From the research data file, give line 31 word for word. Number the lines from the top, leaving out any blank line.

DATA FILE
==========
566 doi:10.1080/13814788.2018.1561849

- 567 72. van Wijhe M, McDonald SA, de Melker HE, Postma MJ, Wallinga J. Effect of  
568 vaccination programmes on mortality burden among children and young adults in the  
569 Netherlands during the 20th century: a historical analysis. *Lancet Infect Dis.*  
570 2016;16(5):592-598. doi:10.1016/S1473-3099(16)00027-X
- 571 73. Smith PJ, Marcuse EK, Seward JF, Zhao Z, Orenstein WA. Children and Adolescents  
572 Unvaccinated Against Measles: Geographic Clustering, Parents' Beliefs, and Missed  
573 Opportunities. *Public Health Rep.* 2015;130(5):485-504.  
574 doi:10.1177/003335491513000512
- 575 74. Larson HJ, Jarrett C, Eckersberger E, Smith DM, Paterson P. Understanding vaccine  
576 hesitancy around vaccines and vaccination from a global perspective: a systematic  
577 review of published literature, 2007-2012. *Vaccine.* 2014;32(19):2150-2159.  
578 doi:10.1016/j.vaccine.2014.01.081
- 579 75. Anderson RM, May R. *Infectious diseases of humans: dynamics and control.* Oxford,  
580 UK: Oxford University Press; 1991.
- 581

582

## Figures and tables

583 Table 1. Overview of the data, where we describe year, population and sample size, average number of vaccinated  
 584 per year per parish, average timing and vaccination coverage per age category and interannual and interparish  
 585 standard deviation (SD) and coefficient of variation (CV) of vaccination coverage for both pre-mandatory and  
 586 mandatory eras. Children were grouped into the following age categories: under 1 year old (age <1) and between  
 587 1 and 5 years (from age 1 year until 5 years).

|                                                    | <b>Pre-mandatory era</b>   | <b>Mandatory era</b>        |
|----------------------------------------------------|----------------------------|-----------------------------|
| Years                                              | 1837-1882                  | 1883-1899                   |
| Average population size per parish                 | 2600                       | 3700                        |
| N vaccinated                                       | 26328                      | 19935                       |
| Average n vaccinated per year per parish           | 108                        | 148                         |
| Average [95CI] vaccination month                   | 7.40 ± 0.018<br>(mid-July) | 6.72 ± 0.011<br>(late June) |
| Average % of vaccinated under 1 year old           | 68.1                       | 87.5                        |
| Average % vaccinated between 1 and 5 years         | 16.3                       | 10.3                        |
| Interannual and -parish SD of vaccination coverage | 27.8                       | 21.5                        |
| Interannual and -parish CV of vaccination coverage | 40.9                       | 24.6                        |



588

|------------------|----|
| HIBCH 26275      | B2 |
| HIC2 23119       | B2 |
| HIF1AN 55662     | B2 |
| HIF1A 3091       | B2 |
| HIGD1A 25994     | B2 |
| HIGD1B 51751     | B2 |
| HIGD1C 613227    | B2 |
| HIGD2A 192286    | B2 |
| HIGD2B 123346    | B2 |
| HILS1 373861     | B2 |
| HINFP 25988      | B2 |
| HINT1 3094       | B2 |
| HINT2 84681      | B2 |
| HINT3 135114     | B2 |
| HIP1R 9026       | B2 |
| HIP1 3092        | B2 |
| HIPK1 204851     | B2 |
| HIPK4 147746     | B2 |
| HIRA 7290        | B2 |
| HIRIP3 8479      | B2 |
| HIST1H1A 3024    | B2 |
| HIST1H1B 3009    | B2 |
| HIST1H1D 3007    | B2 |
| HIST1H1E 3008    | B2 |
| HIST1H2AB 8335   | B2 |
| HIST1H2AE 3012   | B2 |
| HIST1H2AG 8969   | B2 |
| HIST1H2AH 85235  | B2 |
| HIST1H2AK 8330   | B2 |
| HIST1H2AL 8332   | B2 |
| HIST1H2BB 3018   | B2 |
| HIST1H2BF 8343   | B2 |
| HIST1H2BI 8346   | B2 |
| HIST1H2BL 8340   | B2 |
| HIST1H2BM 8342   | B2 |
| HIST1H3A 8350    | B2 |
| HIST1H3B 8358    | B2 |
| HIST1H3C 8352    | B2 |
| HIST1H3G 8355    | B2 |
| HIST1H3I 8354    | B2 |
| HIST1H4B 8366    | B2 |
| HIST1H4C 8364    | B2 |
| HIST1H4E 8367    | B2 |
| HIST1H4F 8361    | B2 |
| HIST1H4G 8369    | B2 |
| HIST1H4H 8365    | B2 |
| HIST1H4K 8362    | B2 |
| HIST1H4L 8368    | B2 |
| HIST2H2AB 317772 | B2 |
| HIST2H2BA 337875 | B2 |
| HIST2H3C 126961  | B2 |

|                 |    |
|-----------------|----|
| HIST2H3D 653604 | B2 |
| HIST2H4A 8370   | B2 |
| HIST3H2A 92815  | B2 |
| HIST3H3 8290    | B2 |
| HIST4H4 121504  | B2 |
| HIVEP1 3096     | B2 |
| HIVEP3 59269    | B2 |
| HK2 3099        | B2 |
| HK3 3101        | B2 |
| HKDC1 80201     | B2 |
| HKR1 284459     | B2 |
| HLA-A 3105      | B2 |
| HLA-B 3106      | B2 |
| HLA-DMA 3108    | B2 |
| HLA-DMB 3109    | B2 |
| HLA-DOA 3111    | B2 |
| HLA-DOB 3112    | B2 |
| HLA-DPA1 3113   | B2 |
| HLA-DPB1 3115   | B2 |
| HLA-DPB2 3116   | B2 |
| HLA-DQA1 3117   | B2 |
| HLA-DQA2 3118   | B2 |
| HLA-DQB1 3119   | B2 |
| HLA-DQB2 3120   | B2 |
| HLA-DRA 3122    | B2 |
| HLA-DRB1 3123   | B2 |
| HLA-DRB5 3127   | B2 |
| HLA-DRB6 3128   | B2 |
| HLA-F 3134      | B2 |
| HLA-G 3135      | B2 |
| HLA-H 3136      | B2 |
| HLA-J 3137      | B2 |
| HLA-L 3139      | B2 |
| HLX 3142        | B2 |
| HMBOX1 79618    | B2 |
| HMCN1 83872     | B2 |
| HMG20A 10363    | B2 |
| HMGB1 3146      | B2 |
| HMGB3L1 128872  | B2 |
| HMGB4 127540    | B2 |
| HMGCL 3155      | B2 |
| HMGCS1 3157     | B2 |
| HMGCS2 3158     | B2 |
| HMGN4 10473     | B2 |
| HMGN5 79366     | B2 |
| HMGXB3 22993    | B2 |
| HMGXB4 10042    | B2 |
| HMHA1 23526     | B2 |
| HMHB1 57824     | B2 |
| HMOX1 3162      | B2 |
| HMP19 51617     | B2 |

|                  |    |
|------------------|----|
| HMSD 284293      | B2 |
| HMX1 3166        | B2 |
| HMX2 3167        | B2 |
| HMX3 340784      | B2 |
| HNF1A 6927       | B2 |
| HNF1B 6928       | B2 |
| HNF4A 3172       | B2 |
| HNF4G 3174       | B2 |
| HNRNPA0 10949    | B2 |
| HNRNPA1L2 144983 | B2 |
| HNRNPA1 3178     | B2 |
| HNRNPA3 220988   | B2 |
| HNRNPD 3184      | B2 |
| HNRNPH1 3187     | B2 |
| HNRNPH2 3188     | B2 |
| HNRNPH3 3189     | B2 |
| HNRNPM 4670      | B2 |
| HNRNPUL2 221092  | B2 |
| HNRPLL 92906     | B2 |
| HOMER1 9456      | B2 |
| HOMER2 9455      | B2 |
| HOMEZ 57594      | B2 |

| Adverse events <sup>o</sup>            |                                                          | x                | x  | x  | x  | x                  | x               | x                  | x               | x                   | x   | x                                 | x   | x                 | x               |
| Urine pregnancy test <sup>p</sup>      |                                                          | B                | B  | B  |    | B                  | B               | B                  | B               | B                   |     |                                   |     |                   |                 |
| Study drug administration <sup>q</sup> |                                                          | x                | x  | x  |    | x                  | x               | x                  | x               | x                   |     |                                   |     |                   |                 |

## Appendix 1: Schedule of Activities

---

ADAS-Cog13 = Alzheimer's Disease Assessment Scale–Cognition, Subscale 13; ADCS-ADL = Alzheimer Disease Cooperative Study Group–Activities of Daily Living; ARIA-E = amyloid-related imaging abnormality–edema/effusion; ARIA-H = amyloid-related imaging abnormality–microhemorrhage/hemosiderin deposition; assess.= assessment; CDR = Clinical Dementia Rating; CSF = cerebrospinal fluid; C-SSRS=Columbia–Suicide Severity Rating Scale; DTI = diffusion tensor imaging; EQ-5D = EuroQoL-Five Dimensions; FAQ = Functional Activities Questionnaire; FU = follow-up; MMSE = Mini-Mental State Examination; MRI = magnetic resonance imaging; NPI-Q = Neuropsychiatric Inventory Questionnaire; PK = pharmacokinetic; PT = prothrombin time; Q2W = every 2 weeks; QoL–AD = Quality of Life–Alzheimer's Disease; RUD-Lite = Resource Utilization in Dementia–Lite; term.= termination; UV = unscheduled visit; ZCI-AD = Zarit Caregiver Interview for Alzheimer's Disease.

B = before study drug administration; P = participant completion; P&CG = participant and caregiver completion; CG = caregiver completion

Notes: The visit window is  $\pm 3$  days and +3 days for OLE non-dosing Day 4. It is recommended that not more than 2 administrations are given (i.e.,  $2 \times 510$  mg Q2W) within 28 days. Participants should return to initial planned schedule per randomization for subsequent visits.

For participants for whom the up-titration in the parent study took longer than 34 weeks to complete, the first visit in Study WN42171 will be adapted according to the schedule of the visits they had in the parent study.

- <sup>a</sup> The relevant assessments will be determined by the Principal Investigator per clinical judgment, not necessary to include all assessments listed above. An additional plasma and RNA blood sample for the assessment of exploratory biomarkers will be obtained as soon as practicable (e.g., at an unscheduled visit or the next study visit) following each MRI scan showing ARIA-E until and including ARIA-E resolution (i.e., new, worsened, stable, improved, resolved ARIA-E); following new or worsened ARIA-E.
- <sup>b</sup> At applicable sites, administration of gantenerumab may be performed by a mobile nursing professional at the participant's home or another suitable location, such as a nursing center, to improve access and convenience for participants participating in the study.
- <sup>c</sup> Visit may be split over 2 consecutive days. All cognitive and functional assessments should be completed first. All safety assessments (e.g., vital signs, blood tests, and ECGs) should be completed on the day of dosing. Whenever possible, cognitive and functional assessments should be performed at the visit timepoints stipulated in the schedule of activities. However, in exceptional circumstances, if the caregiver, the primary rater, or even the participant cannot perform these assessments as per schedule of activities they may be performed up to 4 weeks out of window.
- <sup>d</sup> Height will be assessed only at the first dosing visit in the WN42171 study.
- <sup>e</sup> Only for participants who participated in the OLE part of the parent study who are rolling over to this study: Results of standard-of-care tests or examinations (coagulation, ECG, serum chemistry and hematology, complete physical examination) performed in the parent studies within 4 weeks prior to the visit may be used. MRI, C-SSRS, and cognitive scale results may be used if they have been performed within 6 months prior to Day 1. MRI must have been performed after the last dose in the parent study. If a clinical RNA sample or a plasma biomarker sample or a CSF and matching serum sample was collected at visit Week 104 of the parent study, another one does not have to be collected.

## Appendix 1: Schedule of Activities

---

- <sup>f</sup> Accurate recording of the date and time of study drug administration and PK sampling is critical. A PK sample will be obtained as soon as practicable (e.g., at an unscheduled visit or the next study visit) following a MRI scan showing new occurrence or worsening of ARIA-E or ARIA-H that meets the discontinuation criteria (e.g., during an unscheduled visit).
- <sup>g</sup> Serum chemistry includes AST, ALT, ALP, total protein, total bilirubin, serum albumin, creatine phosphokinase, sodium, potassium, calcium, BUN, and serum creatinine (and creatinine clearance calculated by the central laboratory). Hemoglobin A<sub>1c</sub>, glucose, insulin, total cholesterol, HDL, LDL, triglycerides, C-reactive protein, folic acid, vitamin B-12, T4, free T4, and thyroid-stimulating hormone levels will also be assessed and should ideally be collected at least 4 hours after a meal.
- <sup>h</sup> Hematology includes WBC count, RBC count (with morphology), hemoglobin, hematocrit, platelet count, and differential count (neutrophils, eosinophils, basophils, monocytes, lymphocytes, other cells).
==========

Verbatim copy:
| Average % of vaccinated under 1 year old           | 68.1                       | 87.5                        |